Shabbat Prayer-Do Not Arouse Din-Tzav
On weeknights we begin Ma’ariv with Ve’hu Rachum, “But He, being full of compassion.” On this matter, Avraham ben Natan haYarchi (Sefer haManhig) wrote, “Since sinners are punished with lashes between afternoon and evening, and since they recite this prayer three times during the flogging, the Prayer–leader proclaims, ‘ But He, being full of compassion, forgives iniquity and destroys not.”
I do not accept his rationale for reciting the prayer for it is an extraneous one.
He wrote further that, “this is a refutation of the custom of Spain whose fashion it is to recite this prayer on Shabbat and Festivals. However, it is not fitting to recite it because:
the holy day has already arrived and a sinner may not be lashed anymore.
But consider what was said in the Midrash, ‘Righteousness lodged in her [Jerusalem] (Isaiah 1:21).” No man who lodged in Jerusalem for a full day could stay possessed of his sin. How so? The morning offering made atonement for transgressions committed at night, and the offering at dusk made atonement for transgressions committed in the daytime.
The prayers were instituted to replace the daily offerings, the morning prayer corresponding to the morning offering, and the afternoon prayer to the offering at dusk, but the evening prayer has no such basis, for there was no offering at night. As it says, in Tav, this week’s portion, “In the day that he commanded the children of Israel to present their offerings (Leviticus 7:38).”
The Rabbis correlated the evening service with the limbs and fat which were not consumed before evening. Of them it is said, “This is the burnt offering; it is that which goes up on his firewood upon the altar all night unto the morning (Leviticus 6:2).” However, if they were consumed by evening, they were consumed, and thus there is no firm sacrificial basis for the evening prayer. Therefore, it is customary to say, “But He, being full of compassion,” for we have no firm sacrificial basis for the evening prayers, and so must seek atonement by means of this prayer. For this reason, the Spanish custom is well and good.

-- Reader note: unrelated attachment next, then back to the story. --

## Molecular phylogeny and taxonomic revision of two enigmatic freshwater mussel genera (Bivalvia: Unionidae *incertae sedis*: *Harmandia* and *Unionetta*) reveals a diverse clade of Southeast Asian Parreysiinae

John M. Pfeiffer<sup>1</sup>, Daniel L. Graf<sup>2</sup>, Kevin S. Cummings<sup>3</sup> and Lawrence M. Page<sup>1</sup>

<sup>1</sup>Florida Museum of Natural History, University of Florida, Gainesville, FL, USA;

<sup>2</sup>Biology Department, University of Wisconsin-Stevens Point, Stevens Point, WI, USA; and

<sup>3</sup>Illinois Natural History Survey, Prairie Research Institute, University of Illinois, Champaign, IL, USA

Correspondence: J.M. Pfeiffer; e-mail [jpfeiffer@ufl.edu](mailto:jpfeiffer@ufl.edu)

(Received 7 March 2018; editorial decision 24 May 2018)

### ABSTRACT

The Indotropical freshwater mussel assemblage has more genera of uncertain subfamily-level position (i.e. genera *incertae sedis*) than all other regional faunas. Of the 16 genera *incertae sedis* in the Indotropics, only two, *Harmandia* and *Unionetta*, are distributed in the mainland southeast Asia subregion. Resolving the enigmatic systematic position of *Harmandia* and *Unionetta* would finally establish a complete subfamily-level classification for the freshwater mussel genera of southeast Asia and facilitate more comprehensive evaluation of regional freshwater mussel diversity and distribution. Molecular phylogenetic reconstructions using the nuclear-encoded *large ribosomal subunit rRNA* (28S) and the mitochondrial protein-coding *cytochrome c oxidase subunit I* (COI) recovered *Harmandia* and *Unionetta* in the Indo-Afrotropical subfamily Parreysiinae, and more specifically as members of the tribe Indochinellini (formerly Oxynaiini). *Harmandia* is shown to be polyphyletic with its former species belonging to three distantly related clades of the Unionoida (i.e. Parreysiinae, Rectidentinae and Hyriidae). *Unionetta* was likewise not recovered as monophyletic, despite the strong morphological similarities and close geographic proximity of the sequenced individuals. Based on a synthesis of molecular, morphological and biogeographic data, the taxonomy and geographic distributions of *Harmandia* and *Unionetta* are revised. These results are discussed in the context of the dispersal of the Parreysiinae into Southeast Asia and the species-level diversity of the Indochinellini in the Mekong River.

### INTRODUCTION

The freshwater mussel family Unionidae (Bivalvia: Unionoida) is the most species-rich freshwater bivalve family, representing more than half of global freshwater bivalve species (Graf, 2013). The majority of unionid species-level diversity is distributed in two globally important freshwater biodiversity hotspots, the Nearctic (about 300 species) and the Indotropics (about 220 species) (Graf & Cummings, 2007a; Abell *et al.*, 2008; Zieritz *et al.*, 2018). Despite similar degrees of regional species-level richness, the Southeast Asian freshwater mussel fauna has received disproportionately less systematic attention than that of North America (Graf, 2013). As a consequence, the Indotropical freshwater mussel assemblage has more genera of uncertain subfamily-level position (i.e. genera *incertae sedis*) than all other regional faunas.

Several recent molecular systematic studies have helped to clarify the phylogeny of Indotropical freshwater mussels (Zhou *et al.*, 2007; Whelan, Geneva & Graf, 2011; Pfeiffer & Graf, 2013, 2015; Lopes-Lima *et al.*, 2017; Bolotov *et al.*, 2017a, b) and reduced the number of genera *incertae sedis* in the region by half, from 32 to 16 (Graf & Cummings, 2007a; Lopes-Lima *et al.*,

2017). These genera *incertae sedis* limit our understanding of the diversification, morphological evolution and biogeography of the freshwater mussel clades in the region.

Thus far, the words of haYarchi.
I am astounded at this! For this prayer was established to correspond to the limbs and fat that were not consumed during the daytime; and which could be brought all night. Now, if they happen to be consumed before evening, this did not trouble the Sages; so how can we be troubled by it and recite, “But He, being full of compassion,” for this reason even on Shabbat?
Rather, since the morning prayer replacing the morning offering atones for transgressions committed at night and since the afternoon prayer replacing the daily offering at dusk atones for transgressions committed during the day, the recitation of, “But He, being full of compassion,” is extraneous as a means for atonement.
But the truth of the matter is that this verse was not established to seek the welfare of the living. Rather, it was established to be said during the week to ask for mercy on those souls of the deceased that are judged every night by 3 groups of destructive Angels: Mashchit (Destroyer), Af (Fury), and Cheimah (Wrath) who are mentioned in the verse. It contains 13 words corresponding to the 13 Attributes of Mercy. We ask God that He show mercy to the souls of His creatures for the sake of His 13 attributes, lest the attribute of Din vent its wrath upon them.
On the Shabbat, when Din departs from the world, it is forbidden to say this prayer. Indeed, it is a false plea. For on Shabbat, there is, “rest, quietude and safety.” One who recites the prayer commits a great sin, for he causes Din to be aroused after it had vanished. Through his influence, the Realm of Holiness and Compassion recede into the distance. For all that is aroused below brings about a similar arousal on high, and one should not promote Din on Shabbat. (Sod haShabbat, Section 9)